○ Gap rich/poor in U.S. greatest of any industrialized nation
○ Look at how people live in poor countries and how poor live in our country
○ Sense of deprivation in the poor communities
- An issue of inequity/unfairness; why should some have so much when we have so little?
- Don’t feel like their lives worth anything unless have latest consumer item
- A reason for crime? For hatred of U.S.?
○ We (wealthy) need to give more
● Advertising and TV fuels consumption by encouraging discontent
○ Average American spend a full year of his/her life watching TV commercials
○ Sees a million ads by age of 20
○ 1 billion a year on billboards
○ Ads try to get us to fulfil nonmaterial needs with material means
○ Message is discontent; we are not good enough unless buy that product
○ Try to meet nonmaterial needs via material means
● Wrongness of aggressive advertising to kids
○ 60% say their kids are very materialistic
○ Ads target kids to “brand them” and “own them”
○ 1 Billion spend on ads directed at kids
- “Anti-social behavior in pursuit of a product is a good thing”
○ “Children a cash crop to be harvested”
○ Ads in schools (one of the few relatively ad free places)
- Ads on channel one; on busses, for unhealthy snack foods
○ Research into kids marketing
● Are these consumption choices free?
○ Competitive consumption
○ “Forced” to keep up with the Jones?
○ Consuming because others consume
● Consumerism undermines family and community
○ On average we shop 6 hours a week and play with our children 40 minutes
○ 70% attend the mall each weak, more than go to churches/synagogues
○ Shopping malls the new community
○ There are now more malls than high schools
○ Participation/volunteering in civic/community activities way down (declining past 20 years)
- Rat race means we have not time to participate in community
○ Citizens been replaced by consumers
● Conservative Christians worried about consumerism’s negative affect on family and community
○ Focus on family; free enterprise conservatives who worry about markets’ affect on your family
○ People--like things--are viewed as disposable
- Materialism carries over into our relations with people
○ Market hostile to family values
- Market needs to bring in new consumers, expand itself
- Go for a sale pitting child against parent
○ “Everyone is connected to something outside home”
○ “Give me neither poverty nor riches” (Proverb)
○ “Keep your lives free from the love of money and be content”
- Message of our society is discontent
○ Easier for a camel to get through the eye of a needle than a rich man into heaven
○ For another 1000 square feet, one loses relation with wife, not participate in child growing up
● Simple living; voluntary simplicity
○ Cut spending
○ Is what you buy worth the extra hours you will have to work to pay for it?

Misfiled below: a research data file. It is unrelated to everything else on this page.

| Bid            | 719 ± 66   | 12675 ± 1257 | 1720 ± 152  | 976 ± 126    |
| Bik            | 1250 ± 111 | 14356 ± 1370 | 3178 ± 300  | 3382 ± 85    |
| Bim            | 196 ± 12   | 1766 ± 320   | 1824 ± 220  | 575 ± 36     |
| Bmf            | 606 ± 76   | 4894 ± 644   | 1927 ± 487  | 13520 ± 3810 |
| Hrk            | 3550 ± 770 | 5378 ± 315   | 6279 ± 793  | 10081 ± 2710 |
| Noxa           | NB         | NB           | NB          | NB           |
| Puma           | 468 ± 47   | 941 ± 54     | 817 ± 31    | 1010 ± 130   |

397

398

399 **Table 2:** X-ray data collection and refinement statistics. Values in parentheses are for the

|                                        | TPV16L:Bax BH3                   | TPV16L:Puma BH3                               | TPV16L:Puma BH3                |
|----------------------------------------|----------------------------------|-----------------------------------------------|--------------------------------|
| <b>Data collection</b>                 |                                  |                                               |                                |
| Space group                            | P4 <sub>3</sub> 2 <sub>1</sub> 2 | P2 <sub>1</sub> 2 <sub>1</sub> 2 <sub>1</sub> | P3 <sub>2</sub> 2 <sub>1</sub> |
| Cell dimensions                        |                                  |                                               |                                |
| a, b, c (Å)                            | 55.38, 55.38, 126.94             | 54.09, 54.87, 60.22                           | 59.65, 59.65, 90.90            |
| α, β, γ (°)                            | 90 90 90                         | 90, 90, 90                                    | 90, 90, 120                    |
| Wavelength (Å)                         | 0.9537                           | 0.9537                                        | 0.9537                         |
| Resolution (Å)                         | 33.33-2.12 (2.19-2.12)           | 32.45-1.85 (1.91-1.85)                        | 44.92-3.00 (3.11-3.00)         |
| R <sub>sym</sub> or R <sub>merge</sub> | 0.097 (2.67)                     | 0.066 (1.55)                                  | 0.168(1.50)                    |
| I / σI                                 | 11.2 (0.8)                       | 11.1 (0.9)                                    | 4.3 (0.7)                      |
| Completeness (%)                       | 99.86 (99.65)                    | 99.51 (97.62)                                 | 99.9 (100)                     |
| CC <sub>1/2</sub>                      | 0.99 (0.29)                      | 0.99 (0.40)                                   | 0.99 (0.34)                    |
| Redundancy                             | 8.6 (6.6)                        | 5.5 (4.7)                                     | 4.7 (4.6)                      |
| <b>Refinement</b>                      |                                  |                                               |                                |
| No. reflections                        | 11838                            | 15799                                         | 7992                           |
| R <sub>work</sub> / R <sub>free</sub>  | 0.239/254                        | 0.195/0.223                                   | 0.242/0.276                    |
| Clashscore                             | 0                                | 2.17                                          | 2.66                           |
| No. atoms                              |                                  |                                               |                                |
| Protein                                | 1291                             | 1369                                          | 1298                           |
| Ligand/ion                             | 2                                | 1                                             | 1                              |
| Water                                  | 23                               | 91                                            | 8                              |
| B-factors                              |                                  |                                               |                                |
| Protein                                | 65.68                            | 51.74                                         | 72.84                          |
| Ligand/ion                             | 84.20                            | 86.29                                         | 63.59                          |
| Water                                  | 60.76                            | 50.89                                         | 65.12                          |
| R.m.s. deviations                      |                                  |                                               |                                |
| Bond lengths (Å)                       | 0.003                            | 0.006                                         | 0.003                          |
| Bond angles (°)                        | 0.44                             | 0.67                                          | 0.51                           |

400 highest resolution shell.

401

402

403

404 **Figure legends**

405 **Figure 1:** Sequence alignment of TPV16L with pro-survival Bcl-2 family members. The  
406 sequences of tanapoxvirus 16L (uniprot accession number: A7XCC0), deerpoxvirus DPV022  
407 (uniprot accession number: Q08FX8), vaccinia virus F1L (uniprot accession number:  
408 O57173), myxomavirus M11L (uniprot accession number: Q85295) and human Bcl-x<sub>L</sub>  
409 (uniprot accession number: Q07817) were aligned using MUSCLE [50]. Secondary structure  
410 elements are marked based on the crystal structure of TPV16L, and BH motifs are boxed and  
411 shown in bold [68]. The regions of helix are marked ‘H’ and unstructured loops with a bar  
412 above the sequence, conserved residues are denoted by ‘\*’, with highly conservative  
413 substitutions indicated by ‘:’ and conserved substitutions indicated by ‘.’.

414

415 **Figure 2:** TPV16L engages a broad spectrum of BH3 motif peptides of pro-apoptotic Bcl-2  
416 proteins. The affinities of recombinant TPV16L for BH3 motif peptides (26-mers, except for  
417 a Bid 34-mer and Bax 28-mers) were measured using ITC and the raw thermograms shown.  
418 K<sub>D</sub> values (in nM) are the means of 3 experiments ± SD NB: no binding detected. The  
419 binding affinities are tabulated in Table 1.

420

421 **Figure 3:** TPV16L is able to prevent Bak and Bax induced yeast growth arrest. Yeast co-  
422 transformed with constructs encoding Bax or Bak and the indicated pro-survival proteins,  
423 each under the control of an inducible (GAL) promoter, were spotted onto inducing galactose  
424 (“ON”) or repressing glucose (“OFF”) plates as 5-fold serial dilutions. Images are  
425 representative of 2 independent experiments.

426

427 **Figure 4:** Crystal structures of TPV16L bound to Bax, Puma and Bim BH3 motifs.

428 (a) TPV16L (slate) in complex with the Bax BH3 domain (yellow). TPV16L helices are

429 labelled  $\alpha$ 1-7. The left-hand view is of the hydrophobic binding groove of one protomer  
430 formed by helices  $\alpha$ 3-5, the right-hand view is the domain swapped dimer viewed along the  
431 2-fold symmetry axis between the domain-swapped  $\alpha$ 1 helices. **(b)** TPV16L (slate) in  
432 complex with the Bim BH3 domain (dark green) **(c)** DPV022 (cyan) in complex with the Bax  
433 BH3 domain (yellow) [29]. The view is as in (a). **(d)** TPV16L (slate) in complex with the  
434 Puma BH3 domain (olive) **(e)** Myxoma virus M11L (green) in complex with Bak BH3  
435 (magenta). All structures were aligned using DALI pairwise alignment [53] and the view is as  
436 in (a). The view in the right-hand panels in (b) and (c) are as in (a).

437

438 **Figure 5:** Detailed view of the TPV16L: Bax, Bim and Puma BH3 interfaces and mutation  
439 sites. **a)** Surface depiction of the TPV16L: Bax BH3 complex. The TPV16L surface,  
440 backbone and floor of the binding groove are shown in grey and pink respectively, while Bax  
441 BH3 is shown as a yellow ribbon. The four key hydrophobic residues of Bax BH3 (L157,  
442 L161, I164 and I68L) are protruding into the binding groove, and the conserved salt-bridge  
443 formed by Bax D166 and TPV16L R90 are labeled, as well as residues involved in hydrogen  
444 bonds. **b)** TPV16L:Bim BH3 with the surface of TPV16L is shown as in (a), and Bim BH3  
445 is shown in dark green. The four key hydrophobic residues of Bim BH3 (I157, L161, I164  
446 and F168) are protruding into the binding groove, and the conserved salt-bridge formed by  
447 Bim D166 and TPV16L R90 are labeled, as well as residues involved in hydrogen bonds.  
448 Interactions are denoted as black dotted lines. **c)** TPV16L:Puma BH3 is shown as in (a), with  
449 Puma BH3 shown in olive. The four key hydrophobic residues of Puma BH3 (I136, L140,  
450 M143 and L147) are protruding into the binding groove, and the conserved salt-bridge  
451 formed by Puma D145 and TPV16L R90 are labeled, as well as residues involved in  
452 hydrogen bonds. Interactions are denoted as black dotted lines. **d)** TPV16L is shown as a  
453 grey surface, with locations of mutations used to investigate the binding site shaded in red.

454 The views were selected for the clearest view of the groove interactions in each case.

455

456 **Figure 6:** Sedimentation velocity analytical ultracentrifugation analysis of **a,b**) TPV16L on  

○ 5-15% of baby boomers practicing voluntary simplicity
● Buy nothing day
● Adbusters: Magazine, filled with anti-ads
○ Television un-commercials
Some related books and websites:
Affluenza: The All-Consuming Epidemic by John De Graaf, David Wann, Thomas H. Naylor, Redefining Progress 2001 Berrett-Koehler ; ISBN: 1576751511
Graceful Simplicity: Toward a Philosophy and Politics of Simple Living by Jerome M. Segal, © 1999 by Jerome M. Segal. Published by Henry Holt and Company LLC.
Robert Franks, Winner Take All Society
Mark Sagoff, “Do we consume too much?” Atlantic Monthly and reply by Paul Ehrlich et al.n I have the Sagoff in Westra/Werhand, The business of consumption. He argues that it is a fallacy to think we are running out of resources–lots of stats and facts supporting, but too much not much analysis; same old economics doesn’t address env. issue here, but moral reasons support claim consume too much. http://www.theatlantic.com/issues/97jun/consume.htm
Ehrilich’s reply is at (and I have) http http://www.theatlantic.com/issues/97dec/enviro.htm
Laura Westra and Patricia Werhane, The Business of Consumption: Environmental Ethics and the Global Economy Rowman and Littlefield Sept 1998.
A.L. Hammond, ‟Limits to Consumption and Economic Growth: The Middle Ground,” Philosophy and Public Policy, 15,4 (1995): 9-12.
"The Ethics of Consumption," Report from the Institute of Philosophy and Public Policy (QQ) 15, 4. I have.
David Crocker and Toby Linden, The Ethics of Consumption Rowman and Littlefield, 1997 (564 pages).
David Shy (Furman president) The Simple Life
Juliet Schor, The Simple Life
Our money our life
Your money or your life
Duane Elgin, Voluntary Simplicity
Richard Swenson, Margin
Giving Kids the Business Alex Molar
Theodore Roosevelt advocate of simple living